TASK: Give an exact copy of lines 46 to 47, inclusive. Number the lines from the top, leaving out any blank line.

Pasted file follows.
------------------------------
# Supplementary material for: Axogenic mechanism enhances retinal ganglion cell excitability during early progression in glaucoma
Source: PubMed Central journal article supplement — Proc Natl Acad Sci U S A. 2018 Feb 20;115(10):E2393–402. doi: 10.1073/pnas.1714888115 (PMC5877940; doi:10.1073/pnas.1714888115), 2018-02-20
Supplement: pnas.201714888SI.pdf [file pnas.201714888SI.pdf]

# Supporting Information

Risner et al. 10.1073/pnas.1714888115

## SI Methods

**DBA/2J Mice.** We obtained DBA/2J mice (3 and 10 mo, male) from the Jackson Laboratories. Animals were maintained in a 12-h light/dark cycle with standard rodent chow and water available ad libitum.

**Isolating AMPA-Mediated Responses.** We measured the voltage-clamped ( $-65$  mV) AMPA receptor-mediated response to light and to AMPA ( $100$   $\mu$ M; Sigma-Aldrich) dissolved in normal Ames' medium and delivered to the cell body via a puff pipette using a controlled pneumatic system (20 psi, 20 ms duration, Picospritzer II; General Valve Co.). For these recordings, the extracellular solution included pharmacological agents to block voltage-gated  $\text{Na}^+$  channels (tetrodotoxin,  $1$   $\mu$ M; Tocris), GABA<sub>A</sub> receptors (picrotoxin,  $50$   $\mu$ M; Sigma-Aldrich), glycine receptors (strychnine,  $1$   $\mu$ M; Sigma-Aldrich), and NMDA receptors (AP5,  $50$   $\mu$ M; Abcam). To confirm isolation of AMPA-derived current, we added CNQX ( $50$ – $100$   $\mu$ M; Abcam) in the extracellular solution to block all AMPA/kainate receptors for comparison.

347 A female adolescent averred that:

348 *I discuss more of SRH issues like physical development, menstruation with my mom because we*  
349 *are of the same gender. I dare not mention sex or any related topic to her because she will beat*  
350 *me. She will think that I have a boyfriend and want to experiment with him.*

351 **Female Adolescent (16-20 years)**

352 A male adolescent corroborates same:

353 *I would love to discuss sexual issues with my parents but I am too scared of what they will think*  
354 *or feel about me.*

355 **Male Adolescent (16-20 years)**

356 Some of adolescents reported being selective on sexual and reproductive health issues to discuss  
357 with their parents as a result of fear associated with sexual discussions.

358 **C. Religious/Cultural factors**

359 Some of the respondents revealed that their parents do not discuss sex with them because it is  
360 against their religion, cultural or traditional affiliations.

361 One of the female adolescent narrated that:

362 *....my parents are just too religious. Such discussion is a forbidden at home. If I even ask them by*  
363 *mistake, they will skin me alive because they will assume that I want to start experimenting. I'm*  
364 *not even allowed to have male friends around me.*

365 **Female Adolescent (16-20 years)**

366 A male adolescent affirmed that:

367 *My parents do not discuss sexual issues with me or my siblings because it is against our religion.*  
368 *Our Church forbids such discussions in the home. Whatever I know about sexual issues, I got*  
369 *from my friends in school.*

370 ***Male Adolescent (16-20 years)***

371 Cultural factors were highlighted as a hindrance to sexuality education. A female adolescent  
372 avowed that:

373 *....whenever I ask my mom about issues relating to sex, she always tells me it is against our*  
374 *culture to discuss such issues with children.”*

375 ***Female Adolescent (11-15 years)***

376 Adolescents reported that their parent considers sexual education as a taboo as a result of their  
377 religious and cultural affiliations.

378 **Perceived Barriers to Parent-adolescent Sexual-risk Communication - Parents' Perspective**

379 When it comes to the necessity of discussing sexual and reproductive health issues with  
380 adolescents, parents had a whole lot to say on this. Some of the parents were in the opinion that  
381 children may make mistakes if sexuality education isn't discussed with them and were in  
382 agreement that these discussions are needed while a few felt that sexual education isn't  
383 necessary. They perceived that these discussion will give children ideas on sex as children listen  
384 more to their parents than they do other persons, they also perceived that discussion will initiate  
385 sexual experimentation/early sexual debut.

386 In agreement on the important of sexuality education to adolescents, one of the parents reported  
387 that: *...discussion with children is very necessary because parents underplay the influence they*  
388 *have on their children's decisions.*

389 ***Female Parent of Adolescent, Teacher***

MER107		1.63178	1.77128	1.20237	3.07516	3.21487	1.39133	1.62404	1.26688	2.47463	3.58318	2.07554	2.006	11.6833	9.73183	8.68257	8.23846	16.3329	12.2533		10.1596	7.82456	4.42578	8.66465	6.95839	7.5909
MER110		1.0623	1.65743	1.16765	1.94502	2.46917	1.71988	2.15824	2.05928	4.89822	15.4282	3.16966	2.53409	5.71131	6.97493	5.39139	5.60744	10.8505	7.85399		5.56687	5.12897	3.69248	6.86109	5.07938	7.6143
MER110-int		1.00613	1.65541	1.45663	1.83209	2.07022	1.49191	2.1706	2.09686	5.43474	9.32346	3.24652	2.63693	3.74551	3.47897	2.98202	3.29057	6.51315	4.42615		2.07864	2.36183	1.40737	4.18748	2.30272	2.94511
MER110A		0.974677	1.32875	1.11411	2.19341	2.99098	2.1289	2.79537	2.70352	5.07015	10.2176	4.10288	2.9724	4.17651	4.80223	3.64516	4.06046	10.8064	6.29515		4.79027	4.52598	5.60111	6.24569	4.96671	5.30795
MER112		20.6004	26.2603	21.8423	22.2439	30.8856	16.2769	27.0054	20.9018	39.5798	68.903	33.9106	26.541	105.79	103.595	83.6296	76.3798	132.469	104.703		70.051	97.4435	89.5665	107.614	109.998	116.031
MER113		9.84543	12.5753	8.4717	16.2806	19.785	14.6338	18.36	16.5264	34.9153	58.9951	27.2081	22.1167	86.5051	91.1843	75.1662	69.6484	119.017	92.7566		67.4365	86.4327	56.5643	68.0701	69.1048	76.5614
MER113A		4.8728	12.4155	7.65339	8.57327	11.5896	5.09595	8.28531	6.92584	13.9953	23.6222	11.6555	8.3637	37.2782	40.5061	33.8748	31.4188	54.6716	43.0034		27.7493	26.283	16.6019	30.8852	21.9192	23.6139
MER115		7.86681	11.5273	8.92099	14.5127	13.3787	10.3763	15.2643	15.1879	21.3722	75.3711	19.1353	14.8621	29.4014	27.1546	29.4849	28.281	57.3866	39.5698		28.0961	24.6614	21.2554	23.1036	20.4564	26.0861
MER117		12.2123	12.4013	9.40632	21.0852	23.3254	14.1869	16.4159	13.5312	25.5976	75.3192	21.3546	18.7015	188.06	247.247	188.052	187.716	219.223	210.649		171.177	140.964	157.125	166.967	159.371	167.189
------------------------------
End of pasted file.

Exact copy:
384 more to their parents than they do other persons, they also perceived that discussion will initiate  
385 sexual experimentation/early sexual debut.